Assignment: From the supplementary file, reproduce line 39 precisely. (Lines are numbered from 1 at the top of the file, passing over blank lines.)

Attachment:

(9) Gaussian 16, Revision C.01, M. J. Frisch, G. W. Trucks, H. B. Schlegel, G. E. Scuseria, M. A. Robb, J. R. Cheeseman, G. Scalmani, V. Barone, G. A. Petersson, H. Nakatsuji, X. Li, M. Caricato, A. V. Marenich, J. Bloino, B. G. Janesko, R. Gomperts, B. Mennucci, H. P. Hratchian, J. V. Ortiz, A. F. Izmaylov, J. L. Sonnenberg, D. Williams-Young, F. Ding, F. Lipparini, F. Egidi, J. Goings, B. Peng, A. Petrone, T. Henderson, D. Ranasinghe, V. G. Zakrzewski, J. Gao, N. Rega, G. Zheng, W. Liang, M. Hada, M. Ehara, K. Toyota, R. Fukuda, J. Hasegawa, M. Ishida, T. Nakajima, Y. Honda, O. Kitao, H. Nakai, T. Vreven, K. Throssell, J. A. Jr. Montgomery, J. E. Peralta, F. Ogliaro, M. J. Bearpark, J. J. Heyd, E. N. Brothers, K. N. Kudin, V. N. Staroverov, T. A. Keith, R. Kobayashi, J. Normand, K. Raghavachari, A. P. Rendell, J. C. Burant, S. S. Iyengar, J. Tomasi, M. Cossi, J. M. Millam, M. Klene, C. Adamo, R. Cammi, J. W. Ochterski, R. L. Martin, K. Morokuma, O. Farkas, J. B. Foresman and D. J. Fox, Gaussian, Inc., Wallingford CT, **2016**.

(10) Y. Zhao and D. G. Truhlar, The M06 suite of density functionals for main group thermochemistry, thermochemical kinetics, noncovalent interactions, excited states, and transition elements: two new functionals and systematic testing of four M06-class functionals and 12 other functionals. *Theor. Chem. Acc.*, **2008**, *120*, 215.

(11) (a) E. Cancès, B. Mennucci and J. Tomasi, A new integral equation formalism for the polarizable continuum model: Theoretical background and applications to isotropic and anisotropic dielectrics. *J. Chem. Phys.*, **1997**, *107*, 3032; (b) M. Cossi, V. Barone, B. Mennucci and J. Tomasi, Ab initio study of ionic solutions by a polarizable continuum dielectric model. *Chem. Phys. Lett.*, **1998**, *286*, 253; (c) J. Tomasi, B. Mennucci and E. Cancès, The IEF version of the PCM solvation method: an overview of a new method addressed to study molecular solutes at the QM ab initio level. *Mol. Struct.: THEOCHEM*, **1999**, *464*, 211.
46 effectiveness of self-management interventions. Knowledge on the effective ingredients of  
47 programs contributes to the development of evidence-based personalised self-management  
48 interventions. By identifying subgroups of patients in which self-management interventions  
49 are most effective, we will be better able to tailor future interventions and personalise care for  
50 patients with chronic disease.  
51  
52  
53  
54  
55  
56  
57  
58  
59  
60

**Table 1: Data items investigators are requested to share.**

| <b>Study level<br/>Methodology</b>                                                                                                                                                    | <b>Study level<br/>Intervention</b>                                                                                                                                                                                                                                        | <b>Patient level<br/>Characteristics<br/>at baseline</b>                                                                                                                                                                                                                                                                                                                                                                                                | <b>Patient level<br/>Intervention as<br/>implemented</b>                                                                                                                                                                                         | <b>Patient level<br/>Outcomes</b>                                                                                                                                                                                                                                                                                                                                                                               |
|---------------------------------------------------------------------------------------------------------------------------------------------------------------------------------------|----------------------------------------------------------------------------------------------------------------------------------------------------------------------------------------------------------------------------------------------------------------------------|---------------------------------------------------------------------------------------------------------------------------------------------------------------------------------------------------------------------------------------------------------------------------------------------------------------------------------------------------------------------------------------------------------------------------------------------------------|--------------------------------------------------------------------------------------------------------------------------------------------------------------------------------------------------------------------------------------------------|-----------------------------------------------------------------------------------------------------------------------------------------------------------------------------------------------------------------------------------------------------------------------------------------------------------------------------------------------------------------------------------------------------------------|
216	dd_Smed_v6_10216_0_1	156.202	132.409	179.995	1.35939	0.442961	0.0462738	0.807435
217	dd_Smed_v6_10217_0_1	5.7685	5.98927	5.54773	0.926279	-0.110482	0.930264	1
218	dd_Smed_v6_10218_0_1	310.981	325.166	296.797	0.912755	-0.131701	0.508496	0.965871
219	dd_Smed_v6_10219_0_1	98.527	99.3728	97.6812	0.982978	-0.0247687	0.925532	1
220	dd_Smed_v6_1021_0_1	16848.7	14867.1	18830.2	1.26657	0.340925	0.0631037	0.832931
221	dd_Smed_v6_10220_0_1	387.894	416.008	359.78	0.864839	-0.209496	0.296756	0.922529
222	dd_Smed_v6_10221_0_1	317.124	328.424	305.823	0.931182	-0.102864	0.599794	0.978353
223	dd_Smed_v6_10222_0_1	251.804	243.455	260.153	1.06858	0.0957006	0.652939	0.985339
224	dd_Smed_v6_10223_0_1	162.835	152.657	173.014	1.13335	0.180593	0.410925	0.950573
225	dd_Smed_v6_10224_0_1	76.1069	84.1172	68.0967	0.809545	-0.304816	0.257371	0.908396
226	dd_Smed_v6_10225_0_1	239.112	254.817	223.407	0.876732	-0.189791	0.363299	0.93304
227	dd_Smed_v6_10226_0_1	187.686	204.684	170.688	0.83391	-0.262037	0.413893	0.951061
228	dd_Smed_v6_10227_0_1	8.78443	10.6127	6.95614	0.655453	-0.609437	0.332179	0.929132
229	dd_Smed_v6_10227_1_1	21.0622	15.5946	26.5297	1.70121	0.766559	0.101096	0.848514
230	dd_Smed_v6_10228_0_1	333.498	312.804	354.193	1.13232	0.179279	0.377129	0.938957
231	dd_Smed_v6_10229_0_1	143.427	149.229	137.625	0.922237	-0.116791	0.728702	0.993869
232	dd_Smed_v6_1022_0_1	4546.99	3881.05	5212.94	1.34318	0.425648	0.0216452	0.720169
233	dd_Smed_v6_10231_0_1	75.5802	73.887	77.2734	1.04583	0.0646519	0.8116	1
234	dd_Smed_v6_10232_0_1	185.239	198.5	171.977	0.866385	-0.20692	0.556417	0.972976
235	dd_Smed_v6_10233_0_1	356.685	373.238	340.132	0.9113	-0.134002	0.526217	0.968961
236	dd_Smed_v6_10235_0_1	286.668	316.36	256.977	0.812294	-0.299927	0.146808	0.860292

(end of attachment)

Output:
233	dd_Smed_v6_10231_0_1	75.5802	73.887	77.2734	1.04583	0.0646519	0.8116	1